On Monday, The Daily Beast published an assessment of the situation, with more details about Chartier's involvement in the film. Chartier raised the $15 million required to finance the film, but his relationship with the film's crew was so fractious that he was eventually asked to leave the set and not come back. According to Hurt Locker screenwriter and producer Mark Boal:

It was a hard movie to get made...It was a challenging shoot, and it's the nature of those things that tempers can flare and strong disagreements can arise. And Nic was eventually asked not to come back to the set.

People involved in The Hurt Locker's production have tried to distance themselves from Chartier's remarks. After hearing about the e-mail, Bigelow called Avatar producer Jon Landau immediately to express her apologies. Boal recalled, "Kathryn was shocked and appalled and embarrassed by Nick's poor judgment, and condemned it." This is a sentiment apparently shared by everyone involved with the movie. "Everyone understands that Nic bears the responsibility for his mistake 100 percent on his own shoulders," Boal added.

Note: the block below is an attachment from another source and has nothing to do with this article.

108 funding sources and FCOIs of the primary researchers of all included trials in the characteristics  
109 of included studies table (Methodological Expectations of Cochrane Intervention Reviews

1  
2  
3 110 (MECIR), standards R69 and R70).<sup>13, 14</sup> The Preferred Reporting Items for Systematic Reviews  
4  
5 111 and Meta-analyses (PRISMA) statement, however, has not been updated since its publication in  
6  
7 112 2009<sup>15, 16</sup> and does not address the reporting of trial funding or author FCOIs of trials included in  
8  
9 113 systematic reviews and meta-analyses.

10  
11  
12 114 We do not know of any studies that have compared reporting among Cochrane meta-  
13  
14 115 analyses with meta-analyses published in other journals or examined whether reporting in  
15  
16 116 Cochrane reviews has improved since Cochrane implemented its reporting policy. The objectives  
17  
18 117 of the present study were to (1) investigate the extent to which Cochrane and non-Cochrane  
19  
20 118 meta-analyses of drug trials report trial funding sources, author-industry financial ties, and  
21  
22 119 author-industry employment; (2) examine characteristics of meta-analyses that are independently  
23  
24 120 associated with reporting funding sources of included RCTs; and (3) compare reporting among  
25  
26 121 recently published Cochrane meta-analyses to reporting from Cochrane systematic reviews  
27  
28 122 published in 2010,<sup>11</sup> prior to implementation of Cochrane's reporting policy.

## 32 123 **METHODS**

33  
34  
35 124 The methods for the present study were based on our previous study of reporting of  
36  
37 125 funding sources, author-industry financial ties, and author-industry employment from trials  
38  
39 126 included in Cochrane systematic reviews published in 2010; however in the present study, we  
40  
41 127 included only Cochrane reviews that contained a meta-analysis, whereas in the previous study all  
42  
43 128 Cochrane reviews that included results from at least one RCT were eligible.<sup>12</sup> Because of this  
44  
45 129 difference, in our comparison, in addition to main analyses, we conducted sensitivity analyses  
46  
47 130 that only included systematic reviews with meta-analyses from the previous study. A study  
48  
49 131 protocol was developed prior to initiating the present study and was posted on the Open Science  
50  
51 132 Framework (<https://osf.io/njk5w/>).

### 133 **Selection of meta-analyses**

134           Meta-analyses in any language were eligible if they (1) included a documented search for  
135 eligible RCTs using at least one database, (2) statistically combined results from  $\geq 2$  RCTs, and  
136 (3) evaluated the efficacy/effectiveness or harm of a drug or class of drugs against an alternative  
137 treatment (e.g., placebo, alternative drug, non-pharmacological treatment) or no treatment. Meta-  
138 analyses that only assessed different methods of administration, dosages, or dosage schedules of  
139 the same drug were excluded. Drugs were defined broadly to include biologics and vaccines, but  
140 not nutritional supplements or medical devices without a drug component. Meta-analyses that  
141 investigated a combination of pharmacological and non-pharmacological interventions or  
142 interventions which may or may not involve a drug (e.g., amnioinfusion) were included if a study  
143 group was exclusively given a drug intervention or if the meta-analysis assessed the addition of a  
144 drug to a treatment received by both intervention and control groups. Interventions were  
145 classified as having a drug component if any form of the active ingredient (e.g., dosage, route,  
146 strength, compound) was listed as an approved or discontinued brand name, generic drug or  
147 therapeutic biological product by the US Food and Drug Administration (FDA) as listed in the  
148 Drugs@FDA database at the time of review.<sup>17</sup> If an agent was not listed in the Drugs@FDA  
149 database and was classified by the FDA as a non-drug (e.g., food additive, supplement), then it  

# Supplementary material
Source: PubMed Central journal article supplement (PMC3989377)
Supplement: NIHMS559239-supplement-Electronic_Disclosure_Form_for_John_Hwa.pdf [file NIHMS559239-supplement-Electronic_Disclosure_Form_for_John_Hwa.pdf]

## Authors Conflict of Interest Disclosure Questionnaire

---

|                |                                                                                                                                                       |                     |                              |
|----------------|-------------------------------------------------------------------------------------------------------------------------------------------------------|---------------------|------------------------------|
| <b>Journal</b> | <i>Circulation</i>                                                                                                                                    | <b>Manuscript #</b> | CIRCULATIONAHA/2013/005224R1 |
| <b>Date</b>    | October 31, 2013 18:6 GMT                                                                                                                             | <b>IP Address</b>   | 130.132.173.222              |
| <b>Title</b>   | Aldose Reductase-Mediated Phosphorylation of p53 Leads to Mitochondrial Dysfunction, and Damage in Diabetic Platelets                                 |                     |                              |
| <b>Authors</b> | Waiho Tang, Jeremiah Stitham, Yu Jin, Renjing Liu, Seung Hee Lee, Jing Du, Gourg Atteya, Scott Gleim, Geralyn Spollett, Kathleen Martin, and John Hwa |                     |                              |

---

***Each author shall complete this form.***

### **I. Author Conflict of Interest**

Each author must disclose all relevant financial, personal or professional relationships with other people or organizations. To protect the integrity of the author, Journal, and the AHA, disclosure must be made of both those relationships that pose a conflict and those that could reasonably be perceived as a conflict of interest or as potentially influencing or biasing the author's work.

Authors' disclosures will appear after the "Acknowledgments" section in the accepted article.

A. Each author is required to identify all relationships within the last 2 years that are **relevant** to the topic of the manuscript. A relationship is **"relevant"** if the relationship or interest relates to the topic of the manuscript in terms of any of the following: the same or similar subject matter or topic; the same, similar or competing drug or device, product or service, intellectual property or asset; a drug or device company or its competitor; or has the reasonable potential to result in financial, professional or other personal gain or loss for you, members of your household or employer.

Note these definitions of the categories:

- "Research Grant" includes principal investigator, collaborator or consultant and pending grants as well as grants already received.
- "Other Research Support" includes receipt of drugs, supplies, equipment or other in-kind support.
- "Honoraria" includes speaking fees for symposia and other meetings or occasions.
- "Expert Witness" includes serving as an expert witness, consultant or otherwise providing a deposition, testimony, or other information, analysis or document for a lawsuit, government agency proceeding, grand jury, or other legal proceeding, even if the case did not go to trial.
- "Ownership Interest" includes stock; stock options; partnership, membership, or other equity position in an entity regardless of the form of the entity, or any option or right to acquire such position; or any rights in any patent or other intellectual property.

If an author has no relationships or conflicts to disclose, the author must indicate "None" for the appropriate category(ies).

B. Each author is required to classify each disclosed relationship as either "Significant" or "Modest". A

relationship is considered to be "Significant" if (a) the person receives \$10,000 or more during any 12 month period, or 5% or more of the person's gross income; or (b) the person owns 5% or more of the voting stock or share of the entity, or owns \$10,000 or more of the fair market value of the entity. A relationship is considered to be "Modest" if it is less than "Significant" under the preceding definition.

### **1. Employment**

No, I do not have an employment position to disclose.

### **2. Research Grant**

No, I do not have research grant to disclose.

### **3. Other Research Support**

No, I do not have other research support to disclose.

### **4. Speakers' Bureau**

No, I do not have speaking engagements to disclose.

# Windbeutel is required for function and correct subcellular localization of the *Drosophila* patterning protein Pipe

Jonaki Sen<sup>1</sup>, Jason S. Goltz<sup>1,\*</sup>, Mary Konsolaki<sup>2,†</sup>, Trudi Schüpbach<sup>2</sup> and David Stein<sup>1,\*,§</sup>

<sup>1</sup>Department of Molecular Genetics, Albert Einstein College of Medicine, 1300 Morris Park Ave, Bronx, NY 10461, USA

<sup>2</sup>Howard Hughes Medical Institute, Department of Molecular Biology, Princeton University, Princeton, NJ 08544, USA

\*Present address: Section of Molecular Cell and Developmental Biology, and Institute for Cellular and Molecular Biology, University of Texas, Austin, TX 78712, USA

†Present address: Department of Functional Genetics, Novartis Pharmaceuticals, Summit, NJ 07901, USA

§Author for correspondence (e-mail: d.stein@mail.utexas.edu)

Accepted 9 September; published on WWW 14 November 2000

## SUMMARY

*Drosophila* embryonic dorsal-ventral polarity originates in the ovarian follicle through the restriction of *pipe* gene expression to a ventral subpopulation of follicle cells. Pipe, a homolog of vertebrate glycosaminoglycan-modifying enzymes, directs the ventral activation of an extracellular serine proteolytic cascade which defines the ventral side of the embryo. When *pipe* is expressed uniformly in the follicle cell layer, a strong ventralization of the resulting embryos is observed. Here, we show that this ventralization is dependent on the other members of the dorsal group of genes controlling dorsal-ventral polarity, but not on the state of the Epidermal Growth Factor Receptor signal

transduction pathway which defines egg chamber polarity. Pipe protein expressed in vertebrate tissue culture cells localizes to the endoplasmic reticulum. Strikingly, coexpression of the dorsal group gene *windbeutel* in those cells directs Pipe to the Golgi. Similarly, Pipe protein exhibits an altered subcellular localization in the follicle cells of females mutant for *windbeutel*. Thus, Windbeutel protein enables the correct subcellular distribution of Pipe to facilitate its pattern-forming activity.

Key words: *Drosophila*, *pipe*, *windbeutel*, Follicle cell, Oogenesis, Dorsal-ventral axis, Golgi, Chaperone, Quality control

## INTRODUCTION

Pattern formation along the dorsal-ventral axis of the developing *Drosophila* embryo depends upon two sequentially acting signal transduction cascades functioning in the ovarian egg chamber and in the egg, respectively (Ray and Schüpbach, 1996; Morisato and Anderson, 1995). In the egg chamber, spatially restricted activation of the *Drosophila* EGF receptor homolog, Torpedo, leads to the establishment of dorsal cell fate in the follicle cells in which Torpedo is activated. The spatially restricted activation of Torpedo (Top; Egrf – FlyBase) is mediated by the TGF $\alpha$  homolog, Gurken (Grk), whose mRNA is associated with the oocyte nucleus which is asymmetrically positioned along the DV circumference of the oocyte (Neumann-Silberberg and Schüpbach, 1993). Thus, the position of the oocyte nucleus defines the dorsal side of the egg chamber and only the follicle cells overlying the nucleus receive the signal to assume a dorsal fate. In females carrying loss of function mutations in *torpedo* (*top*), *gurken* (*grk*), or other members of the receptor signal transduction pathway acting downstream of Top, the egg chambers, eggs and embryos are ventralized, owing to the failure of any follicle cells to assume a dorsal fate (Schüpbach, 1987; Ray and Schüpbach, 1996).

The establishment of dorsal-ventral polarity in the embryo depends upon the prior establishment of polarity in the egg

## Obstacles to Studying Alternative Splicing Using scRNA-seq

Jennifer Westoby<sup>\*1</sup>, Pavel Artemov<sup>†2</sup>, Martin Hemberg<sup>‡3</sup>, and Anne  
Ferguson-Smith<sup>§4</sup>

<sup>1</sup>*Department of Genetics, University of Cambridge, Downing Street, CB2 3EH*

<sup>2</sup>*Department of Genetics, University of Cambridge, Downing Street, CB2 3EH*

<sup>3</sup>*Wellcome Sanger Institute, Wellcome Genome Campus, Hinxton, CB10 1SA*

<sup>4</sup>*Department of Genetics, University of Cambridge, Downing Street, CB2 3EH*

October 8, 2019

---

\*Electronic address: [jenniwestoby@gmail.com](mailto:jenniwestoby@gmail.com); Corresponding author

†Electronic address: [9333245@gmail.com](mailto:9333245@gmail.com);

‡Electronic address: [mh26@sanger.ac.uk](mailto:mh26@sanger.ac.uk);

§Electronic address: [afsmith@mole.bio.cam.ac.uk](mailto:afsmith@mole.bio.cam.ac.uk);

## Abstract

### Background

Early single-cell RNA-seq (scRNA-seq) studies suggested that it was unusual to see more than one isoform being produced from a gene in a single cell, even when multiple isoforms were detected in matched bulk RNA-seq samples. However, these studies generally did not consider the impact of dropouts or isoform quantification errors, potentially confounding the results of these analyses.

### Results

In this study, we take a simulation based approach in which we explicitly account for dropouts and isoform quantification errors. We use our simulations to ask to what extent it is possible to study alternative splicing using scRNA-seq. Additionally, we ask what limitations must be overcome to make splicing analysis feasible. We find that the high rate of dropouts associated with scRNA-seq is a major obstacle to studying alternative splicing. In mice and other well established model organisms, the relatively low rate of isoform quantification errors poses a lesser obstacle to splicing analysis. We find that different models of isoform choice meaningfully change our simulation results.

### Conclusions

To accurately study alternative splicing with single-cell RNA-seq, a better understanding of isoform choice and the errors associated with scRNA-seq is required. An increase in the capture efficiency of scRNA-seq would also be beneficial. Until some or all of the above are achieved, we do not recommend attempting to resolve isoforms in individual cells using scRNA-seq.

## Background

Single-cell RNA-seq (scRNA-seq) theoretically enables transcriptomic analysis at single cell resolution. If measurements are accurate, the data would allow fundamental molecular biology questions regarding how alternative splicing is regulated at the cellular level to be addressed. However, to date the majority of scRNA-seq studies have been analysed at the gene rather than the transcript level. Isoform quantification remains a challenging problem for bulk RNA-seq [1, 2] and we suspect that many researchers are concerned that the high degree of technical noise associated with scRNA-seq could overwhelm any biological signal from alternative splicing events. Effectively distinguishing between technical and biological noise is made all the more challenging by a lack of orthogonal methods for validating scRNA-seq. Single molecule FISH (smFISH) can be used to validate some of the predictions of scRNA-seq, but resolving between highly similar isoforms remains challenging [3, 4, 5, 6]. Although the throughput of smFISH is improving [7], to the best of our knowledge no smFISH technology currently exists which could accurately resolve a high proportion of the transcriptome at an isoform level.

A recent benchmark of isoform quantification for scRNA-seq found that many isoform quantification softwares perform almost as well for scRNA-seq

In the meantime, other publicity mishaps have also befallen the film. Specifically, a Newsweek piece written by Army veteran Paul Rieckhoff alleged that The Hurt Locker was laden with inaccuracies. "The Hurt Locker tries to articulate [the experience of modern combat]," Rieckhoff writes, "but those of us who have served in the military couldn't help but be distracted by a litany of inaccuracies that reveal not only a lack of research, but ultimately respect for the American military." Moreover, in the past day we've learned that, Master Sgt. Jeffrey Sarver, who served in Iraq, is suing the makers of The Hurt Locker for pilfering his story. Sarver was the subject of the Playboy article on which the film's script was based. A press conference is schedule for later today.

In the end, the Academy has decided to ban Chartier from attending the Oscars. He will be denied attendance and he will not be able to go as anyone's guest that evening. This is the first time the Academy has ever taken the step as banning one individual specifically. Here's the Academy's statement via the LATimes:

The Academy of Motion Picture Arts and Sciences announced today that, should "The Hurt Locker" be announced as the recipient of the Best Picture award at Sunday's ceremonies, only three of the picture's producers will be present for the celebration. The fourth of the film's credited producers, Nicolas Chartier, has been denied attendance at the 82nd Academy Awards as a penalty for violating Academy campaigning standards...

The group stopped short of recommending that the Academy governors rescind Chartier's nomination. If "The Hurt Locker" were to be selected as Best Picture, Chartier would receive his Oscar statuette at some point subsequent to the March 7 ceremonies.

One thing's for sure: If The Hurt Locker doesn't take Best Picture, I do not want to be Nicolas Chartier on Sunday night.